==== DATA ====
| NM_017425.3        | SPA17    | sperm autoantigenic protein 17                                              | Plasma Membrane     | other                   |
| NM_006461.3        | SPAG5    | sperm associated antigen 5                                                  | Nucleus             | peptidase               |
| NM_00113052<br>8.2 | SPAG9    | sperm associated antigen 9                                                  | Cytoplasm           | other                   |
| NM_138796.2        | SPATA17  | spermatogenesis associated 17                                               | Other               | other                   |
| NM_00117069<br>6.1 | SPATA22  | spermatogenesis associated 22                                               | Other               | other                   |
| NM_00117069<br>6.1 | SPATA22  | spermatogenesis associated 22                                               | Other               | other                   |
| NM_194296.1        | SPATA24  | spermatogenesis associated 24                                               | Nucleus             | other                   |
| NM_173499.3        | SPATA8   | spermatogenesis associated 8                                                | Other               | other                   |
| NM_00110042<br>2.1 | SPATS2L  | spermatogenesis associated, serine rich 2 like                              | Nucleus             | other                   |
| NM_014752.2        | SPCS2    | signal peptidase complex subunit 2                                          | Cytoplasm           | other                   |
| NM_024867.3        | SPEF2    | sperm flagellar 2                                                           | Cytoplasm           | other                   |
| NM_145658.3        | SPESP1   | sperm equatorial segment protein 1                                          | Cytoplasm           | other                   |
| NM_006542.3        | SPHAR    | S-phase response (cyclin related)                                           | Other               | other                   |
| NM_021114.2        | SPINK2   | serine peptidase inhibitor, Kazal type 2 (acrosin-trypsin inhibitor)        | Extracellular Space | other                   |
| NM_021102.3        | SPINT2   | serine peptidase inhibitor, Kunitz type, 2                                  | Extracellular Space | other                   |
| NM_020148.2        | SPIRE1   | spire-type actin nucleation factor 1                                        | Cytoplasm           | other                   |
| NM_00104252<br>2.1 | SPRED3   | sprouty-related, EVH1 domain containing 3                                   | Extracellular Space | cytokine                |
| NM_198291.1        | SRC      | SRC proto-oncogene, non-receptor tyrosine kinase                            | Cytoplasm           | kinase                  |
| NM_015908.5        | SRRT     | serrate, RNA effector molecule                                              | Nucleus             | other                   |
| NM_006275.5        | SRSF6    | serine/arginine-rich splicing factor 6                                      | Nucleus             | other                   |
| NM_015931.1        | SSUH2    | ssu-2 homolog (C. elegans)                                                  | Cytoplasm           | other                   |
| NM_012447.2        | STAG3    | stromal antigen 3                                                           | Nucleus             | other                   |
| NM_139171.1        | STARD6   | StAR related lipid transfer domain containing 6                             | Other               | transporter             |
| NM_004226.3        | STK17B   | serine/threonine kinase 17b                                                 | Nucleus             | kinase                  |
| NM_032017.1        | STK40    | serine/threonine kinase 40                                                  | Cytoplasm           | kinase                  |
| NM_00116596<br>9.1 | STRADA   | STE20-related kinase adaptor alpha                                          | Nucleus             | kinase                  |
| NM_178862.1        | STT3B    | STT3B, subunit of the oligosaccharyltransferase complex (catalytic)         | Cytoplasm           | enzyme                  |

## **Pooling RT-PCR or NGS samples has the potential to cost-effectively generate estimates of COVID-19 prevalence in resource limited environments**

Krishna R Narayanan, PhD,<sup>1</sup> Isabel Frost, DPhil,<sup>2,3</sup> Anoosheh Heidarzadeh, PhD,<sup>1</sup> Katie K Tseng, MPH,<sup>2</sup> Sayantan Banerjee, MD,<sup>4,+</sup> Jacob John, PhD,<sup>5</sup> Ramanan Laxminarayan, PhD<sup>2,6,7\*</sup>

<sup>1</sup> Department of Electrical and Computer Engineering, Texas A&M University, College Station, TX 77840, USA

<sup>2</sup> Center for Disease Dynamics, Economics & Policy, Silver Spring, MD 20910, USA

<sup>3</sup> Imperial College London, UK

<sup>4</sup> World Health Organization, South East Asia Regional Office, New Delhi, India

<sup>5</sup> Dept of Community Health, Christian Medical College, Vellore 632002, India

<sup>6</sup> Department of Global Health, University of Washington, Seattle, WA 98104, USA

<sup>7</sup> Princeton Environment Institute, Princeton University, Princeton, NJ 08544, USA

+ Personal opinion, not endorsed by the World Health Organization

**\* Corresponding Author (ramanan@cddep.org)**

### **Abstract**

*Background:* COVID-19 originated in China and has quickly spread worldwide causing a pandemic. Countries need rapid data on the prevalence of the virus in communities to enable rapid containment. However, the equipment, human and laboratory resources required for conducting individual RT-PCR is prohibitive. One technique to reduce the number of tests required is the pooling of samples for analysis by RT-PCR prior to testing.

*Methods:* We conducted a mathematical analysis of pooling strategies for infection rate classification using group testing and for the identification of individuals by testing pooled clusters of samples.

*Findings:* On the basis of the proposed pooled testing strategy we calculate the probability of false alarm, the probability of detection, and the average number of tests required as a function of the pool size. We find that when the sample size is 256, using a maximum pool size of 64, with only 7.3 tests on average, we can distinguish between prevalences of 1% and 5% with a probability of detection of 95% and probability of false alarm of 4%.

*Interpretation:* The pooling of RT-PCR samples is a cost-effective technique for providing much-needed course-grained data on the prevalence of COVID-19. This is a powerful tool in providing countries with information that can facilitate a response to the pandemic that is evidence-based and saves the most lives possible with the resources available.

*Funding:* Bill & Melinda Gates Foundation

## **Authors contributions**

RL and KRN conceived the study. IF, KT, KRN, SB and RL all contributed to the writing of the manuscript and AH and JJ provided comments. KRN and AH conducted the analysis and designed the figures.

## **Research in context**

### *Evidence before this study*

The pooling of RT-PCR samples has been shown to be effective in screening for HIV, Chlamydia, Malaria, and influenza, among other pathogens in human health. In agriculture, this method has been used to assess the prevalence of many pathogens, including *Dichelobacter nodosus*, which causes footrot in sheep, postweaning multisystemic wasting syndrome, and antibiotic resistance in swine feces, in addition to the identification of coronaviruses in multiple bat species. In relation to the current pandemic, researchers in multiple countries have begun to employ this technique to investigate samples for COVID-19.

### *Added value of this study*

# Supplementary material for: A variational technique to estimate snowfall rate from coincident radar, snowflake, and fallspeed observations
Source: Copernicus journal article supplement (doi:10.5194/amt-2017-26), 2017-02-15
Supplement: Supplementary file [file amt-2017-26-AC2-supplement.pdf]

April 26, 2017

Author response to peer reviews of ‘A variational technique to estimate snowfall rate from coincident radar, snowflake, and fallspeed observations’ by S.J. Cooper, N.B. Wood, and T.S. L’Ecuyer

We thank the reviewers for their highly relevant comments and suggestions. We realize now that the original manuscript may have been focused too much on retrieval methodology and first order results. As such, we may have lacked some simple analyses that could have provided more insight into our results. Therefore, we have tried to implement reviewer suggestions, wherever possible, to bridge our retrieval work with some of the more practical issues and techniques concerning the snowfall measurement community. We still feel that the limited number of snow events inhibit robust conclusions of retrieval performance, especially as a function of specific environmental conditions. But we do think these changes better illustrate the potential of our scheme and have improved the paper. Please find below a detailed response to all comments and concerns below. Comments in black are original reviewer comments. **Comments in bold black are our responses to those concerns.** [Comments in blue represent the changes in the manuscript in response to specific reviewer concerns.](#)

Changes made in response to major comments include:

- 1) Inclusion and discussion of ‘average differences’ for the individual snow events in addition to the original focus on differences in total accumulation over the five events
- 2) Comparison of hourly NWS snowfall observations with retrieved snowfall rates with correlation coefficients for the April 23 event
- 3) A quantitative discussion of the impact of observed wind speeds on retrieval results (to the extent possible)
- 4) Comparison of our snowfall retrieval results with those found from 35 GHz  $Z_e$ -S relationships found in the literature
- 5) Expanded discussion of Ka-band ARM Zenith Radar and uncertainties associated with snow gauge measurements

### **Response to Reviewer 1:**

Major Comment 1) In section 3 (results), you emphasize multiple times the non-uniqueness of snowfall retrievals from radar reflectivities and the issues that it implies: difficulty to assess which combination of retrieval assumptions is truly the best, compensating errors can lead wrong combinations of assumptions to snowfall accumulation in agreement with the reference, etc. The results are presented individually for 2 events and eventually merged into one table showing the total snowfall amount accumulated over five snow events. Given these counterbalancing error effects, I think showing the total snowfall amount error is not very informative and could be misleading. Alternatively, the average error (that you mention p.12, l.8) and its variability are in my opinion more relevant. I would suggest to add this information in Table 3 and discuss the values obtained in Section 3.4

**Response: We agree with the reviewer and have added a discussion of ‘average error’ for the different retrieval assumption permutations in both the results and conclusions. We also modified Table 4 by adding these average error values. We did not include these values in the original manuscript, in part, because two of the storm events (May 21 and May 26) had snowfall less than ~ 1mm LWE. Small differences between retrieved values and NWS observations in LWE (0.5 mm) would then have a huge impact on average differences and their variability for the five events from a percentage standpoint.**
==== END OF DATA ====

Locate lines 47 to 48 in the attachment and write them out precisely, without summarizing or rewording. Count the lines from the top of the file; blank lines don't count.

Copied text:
## **Research in context**

### *Evidence before this study*